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Arizona Cotton Comments

Plant Growth Regulator Use

by Jeffrey C. Silvertooth,
Extension Agronomist - Cotton

Plant growth is promoted by sufficient sunshine, temperature, water, and nutrients (particularly nitrogen). When conditions and management are appropriate each of these factors are provided in adequate amounts to cotton fields. Thus, vigorous plant growth can be very common in mid- to late- season stages of development in Arizona. Managing the balance between vegetative and reproductive growth is a very important part of cotton’s productivity. Plant growth regulators (PGRs) can help manage this balance. A very common and popular PGR used in cotton production is mepiquat chloride (MC), often referred to by a product name PIXtm. A considerable amount of research has been conducted in Arizona to evaluate MC applications on cotton in terms growth, development, and yield. We have recently analyzed the cumulative information obtained from over 30 field experiments that were conducted in many cotton producing areas in Arizona over the past 13 seasons. This article provides a brief summary of these results. A more detailed description of these analyses is published in the 2000 University of Arizona Cotton Report, Series P-121 (p. 72-88).

Of the many factors that are important to consider in evaluating a cotton crop, fruit retention (FR) and an assessment of plant vigor (HNR) are among the most critical. Baselines developed in Arizona can be used to reference FR and HNR conditions for any field based on heat unit accumulations after planting (HUAP, 86/55 oF thresholds) (Figure 1). Recommendations and guidelines from the University of Arizona regarding MC use (PIXtm) are summarized in several bulletins (i.e. J.C. Silvertooth and E.R. Norton. 1998. Publication No. AZ 1049, Cooperative Extension, College of Agriculture, University of Arizona).

The information in Tables 1 and 2 outlines the general response patterns that were revealed by the analyses developed in Arizona over the past 13 seasons. Conclusions that can be drawn from these results include: 1) the probability of a positive yield response to MC applications is very low, 2) the probability of realizing a positive yield response from MC applications can be improved by use of simple plant measurements to estimate vigor (HNR) and fruit load (FR), and 3) MC applications should be avoided on crops that have low vigor relative to the established baselines for HNRs in Arizona. It is also important to point out that plant height and general plant architecture was significantly reduced from most MC treatments even if yield was not significantly affected. Therefore, crop monitoring and evaluation are very important to management decisions regarding MC and efforts to maintain a good balance of plant growth.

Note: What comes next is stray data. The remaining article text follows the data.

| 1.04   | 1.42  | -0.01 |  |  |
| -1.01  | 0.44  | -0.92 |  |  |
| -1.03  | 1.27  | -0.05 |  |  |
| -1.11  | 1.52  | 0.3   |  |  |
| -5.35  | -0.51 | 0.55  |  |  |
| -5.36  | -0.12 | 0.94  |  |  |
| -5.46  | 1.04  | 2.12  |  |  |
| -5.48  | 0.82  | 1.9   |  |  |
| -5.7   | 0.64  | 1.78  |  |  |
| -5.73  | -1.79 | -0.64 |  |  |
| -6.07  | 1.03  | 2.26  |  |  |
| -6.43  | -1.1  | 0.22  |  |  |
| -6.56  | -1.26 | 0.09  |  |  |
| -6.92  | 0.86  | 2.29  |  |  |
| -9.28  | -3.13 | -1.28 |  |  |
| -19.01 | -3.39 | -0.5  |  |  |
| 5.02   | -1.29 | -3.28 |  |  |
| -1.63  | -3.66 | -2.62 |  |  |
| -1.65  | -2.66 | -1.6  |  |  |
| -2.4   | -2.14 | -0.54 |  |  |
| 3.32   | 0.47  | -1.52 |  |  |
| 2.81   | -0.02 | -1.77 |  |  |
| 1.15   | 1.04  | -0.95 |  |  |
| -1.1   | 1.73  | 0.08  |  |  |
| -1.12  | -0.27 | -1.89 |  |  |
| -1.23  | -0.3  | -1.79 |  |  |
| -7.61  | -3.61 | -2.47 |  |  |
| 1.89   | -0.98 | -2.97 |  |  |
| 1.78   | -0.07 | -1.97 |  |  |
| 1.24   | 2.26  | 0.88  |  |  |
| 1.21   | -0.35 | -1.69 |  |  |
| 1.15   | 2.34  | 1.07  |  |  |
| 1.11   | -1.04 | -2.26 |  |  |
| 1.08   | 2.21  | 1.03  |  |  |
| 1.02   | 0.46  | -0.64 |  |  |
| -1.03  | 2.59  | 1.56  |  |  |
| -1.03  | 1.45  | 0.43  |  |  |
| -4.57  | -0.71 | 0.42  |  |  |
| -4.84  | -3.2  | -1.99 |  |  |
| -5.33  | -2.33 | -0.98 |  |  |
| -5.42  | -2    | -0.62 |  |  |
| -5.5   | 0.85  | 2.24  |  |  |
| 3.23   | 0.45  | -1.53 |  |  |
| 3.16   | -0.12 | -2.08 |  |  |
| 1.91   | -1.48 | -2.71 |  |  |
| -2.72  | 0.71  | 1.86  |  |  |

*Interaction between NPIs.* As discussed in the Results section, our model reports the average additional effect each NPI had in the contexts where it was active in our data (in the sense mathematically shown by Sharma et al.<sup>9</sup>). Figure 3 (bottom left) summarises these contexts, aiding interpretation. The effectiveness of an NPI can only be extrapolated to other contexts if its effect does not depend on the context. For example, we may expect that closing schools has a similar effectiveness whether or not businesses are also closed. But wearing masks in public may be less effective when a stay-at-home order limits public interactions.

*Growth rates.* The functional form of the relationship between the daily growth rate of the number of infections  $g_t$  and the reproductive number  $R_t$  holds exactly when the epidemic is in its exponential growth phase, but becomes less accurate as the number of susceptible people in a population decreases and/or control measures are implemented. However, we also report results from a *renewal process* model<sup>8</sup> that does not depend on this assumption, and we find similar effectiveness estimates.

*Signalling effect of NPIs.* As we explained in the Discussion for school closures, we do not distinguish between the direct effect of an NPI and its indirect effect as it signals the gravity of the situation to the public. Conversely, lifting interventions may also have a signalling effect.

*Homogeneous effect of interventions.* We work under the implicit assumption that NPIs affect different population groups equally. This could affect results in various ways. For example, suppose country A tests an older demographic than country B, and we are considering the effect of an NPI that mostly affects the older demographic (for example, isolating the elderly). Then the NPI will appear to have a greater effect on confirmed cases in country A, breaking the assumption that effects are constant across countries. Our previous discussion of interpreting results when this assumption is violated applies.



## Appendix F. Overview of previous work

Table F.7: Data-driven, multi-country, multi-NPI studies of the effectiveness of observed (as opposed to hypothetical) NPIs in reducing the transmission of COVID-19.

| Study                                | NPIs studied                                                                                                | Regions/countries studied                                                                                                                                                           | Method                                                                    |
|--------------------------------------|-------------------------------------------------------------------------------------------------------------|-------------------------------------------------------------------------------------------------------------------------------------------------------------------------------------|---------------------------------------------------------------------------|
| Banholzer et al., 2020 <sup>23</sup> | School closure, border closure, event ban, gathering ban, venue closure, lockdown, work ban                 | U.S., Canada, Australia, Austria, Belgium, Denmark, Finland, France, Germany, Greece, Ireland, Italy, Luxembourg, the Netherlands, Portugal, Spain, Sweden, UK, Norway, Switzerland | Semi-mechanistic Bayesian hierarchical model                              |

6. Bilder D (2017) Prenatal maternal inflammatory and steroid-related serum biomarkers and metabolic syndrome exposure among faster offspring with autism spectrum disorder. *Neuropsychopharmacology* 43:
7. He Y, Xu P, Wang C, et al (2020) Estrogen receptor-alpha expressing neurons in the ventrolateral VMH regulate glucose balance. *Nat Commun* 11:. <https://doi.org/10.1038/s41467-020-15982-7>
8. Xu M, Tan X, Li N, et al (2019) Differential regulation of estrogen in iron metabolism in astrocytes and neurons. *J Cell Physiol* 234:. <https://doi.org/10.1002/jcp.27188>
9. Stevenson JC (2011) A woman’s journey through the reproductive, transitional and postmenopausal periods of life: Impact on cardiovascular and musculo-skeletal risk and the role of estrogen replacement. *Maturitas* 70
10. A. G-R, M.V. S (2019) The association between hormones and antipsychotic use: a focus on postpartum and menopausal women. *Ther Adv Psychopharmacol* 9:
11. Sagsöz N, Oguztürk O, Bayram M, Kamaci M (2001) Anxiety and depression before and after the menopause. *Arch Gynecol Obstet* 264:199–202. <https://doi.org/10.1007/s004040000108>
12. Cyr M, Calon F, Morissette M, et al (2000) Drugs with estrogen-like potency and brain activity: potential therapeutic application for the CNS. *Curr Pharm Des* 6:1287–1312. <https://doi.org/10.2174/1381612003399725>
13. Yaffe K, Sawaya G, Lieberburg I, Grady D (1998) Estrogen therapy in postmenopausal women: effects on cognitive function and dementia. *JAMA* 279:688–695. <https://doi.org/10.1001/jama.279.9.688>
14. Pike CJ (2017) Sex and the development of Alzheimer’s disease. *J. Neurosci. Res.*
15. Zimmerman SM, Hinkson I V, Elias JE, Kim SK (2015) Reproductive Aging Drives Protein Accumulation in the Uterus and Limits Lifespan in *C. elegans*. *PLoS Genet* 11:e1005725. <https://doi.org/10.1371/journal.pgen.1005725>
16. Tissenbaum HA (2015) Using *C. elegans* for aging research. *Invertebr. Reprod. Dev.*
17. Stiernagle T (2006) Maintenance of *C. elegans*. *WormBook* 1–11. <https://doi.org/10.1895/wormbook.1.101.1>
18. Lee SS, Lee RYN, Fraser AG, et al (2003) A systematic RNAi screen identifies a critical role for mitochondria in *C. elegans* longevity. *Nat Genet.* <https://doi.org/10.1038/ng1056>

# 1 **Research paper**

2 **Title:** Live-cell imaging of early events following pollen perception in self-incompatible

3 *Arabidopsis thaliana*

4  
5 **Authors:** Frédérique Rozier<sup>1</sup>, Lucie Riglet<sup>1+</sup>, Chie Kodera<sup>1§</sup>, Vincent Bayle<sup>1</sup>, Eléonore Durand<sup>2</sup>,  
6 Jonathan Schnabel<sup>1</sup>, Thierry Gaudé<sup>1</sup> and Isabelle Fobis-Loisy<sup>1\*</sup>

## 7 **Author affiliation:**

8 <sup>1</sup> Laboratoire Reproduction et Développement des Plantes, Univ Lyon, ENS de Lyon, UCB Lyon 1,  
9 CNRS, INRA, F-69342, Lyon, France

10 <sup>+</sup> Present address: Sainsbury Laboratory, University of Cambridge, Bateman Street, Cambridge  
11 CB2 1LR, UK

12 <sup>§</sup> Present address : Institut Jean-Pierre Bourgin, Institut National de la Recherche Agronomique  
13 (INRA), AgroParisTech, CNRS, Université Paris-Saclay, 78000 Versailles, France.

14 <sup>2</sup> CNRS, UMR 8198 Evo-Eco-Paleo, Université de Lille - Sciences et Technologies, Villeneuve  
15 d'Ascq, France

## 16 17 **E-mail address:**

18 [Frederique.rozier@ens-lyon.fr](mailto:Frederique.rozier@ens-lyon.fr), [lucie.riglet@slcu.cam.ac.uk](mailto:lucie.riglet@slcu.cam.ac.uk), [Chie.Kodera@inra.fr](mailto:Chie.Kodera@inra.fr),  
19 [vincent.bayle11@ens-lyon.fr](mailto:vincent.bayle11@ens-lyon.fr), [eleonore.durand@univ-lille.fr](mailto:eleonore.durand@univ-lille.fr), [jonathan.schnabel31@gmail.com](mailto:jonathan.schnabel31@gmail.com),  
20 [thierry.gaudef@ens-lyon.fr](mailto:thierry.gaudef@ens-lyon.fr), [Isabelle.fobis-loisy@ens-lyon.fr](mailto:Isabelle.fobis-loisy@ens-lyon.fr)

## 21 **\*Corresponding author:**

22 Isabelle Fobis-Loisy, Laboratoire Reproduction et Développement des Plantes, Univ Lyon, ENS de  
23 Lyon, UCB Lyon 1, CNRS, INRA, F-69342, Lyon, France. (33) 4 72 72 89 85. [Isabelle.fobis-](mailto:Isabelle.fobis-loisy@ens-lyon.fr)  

University of Arizona Extension bulletins, Cotton Reports, and other cotton related information are available at the Arizona Crop Information Site. The URL for this site is:


Figure 1. Height to node ratio and percent fruit retention baselines for Arizona grown cotton varieties.

Figure 1. Graph of height to node ratio baselines for Arizona grown cotton varieties. The solid lines represent average values with observed variation indicated by the dashed lines.Figure 1. Graph of percent fruit retention baselines for Arizona grown cotton varieties. The solid lines represent average values with observed variation indicated by the dashed lines.


Table 1. Yield response distribution among mepiquat chloride experiments, AZ, 1987-1999.

Yield Response

% of Cases







Yield response in relation to untreated check. P< 0.05, n = 148


Table 2. Yield responses and relationships to crop condition at the time of mepiquat chloride application, AZ, 1987-1999.

Positive Yield Response Negative Yield Response

Height to Node Ratio

Fruit Retention

Height to Node Ratio

Fruit Retention

100 % above baselines

61 % above baselines

100 % below baselines

100 % above baselines


39% below baselines



Full Disclaimers

Issued in furtherance of Cooperative Extension work, acts of May 8 and June 30, 1914, in cooperation with the U.S. Department of Agriculture, James A. Christenson, Director Cooperative Extension, College of Agriculture and Life Sciences, The University of Arizona.

The University of Arizona is an equal opportunity, affirmative action institution. The University does not discriminate on the basis of race, color, religion, sex, national origin, age, disability, veteran status, or sexual orientation in its programs and activities.

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Information provided by Jeffrey C. Silvertooth,
Extension Agronomist - Cotton, College of Agriculture, The University of Arizona.
Material written 30 June 2000.


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